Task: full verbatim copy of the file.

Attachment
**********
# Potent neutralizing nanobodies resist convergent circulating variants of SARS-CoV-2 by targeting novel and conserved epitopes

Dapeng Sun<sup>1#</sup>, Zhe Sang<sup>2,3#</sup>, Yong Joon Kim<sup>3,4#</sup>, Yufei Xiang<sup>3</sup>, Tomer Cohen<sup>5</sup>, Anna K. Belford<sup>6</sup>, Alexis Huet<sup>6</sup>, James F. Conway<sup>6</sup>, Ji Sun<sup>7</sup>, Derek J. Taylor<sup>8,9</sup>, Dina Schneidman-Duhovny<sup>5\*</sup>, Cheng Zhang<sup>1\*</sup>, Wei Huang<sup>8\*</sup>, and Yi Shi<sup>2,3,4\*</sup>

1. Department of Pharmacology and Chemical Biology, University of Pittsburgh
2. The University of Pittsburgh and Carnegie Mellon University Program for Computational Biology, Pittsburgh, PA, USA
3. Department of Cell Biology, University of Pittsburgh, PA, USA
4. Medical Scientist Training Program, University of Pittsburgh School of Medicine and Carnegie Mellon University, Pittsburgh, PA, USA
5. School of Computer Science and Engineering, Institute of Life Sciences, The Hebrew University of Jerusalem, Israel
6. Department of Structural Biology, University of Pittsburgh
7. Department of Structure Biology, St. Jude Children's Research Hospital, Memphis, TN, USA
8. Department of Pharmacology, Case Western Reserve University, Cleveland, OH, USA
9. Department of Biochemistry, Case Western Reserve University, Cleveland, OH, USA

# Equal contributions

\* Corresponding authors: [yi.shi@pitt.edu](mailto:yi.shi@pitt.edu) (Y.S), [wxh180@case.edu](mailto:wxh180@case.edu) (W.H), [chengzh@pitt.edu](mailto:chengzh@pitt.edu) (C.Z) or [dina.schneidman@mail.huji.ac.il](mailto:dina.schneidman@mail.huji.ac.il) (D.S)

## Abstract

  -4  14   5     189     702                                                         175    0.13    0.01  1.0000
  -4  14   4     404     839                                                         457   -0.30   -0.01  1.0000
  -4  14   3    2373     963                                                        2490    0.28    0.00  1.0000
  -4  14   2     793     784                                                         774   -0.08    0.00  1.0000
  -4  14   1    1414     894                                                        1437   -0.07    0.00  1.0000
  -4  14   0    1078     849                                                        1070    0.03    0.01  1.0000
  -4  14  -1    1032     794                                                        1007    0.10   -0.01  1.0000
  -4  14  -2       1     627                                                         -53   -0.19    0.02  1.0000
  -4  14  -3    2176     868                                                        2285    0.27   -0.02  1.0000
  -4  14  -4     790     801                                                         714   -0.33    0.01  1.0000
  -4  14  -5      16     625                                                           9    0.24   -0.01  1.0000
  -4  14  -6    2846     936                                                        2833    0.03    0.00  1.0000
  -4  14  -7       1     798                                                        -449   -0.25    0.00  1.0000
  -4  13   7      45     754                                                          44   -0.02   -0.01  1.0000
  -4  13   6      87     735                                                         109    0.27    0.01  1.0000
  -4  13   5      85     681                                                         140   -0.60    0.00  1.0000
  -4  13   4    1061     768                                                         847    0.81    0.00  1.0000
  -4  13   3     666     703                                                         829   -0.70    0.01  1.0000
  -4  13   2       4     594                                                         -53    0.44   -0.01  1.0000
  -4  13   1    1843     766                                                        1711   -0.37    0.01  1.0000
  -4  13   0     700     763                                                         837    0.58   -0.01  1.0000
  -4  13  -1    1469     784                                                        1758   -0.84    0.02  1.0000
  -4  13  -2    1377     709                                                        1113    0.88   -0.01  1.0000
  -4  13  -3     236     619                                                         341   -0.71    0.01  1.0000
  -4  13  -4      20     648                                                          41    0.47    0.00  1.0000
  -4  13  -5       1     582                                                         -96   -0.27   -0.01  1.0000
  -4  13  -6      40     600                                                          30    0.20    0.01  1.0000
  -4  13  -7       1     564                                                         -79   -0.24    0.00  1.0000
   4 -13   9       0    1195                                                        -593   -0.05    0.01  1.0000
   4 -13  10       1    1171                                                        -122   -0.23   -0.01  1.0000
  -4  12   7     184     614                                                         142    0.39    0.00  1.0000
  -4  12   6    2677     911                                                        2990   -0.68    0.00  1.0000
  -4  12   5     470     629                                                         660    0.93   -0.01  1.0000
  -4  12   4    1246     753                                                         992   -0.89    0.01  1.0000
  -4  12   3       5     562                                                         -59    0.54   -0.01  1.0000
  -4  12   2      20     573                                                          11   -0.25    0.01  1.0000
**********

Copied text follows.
# Potent neutralizing nanobodies resist convergent circulating variants of SARS-CoV-2 by targeting novel and conserved epitopes

Dapeng Sun<sup>1#</sup>, Zhe Sang<sup>2,3#</sup>, Yong Joon Kim<sup>3,4#</sup>, Yufei Xiang<sup>3</sup>, Tomer Cohen<sup>5</sup>, Anna K. Belford<sup>6</sup>, Alexis Huet<sup>6</sup>, James F. Conway<sup>6</sup>, Ji Sun<sup>7</sup>, Derek J. Taylor<sup>8,9</sup>, Dina Schneidman-Duhovny<sup>5\*</sup>, Cheng Zhang<sup>1\*</sup>, Wei Huang<sup>8\*</sup>, and Yi Shi<sup>2,3,4\*</sup>

1. Department of Pharmacology and Chemical Biology, University of Pittsburgh
2. The University of Pittsburgh and Carnegie Mellon University Program for Computational Biology, Pittsburgh, PA, USA
3. Department of Cell Biology, University of Pittsburgh, PA, USA
4. Medical Scientist Training Program, University of Pittsburgh School of Medicine and Carnegie Mellon University, Pittsburgh, PA, USA
5. School of Computer Science and Engineering, Institute of Life Sciences, The Hebrew University of Jerusalem, Israel
6. Department of Structural Biology, University of Pittsburgh
7. Department of Structure Biology, St. Jude Children's Research Hospital, Memphis, TN, USA
8. Department of Pharmacology, Case Western Reserve University, Cleveland, OH, USA
9. Department of Biochemistry, Case Western Reserve University, Cleveland, OH, USA

# Equal contributions

\* Corresponding authors: [yi.shi@pitt.edu](mailto:yi.shi@pitt.edu) (Y.S), [wxh180@case.edu](mailto:wxh180@case.edu) (W.H), [chengzh@pitt.edu](mailto:chengzh@pitt.edu) (C.Z) or [dina.schneidman@mail.huji.ac.il](mailto:dina.schneidman@mail.huji.ac.il) (D.S)

## Abstract

  -4  14   5     189     702                                                         175    0.13    0.01  1.0000
  -4  14   4     404     839                                                         457   -0.30   -0.01  1.0000
  -4  14   3    2373     963                                                        2490    0.28    0.00  1.0000
  -4  14   2     793     784                                                         774   -0.08    0.00  1.0000
  -4  14   1    1414     894                                                        1437   -0.07    0.00  1.0000
  -4  14   0    1078     849                                                        1070    0.03    0.01  1.0000
  -4  14  -1    1032     794                                                        1007    0.10   -0.01  1.0000
  -4  14  -2       1     627                                                         -53   -0.19    0.02  1.0000
  -4  14  -3    2176     868                                                        2285    0.27   -0.02  1.0000
  -4  14  -4     790     801                                                         714   -0.33    0.01  1.0000
  -4  14  -5      16     625                                                           9    0.24   -0.01  1.0000
  -4  14  -6    2846     936                                                        2833    0.03    0.00  1.0000
  -4  14  -7       1     798                                                        -449   -0.25    0.00  1.0000
  -4  13   7      45     754                                                          44   -0.02   -0.01  1.0000
  -4  13   6      87     735                                                         109    0.27    0.01  1.0000
  -4  13   5      85     681                                                         140   -0.60    0.00  1.0000
  -4  13   4    1061     768                                                         847    0.81    0.00  1.0000
  -4  13   3     666     703                                                         829   -0.70    0.01  1.0000
  -4  13   2       4     594                                                         -53    0.44   -0.01  1.0000
  -4  13   1    1843     766                                                        1711   -0.37    0.01  1.0000
  -4  13   0     700     763                                                         837    0.58   -0.01  1.0000
  -4  13  -1    1469     784                                                        1758   -0.84    0.02  1.0000
  -4  13  -2    1377     709                                                        1113    0.88   -0.01  1.0000
  -4  13  -3     236     619                                                         341   -0.71    0.01  1.0000
  -4  13  -4      20     648                                                          41    0.47    0.00  1.0000
  -4  13  -5       1     582                                                         -96   -0.27   -0.01  1.0000
  -4  13  -6      40     600                                                          30    0.20    0.01  1.0000
  -4  13  -7       1     564                                                         -79   -0.24    0.00  1.0000
   4 -13   9       0    1195                                                        -593   -0.05    0.01  1.0000
   4 -13  10       1    1171                                                        -122   -0.23   -0.01  1.0000
  -4  12   7     184     614                                                         142    0.39    0.00  1.0000
  -4  12   6    2677     911                                                        2990   -0.68    0.00  1.0000
  -4  12   5     470     629                                                         660    0.93   -0.01  1.0000
  -4  12   4    1246     753                                                         992   -0.89    0.01  1.0000
  -4  12   3       5     562                                                         -59    0.54   -0.01  1.0000
  -4  12   2      20     573                                                          11   -0.25    0.01  1.0000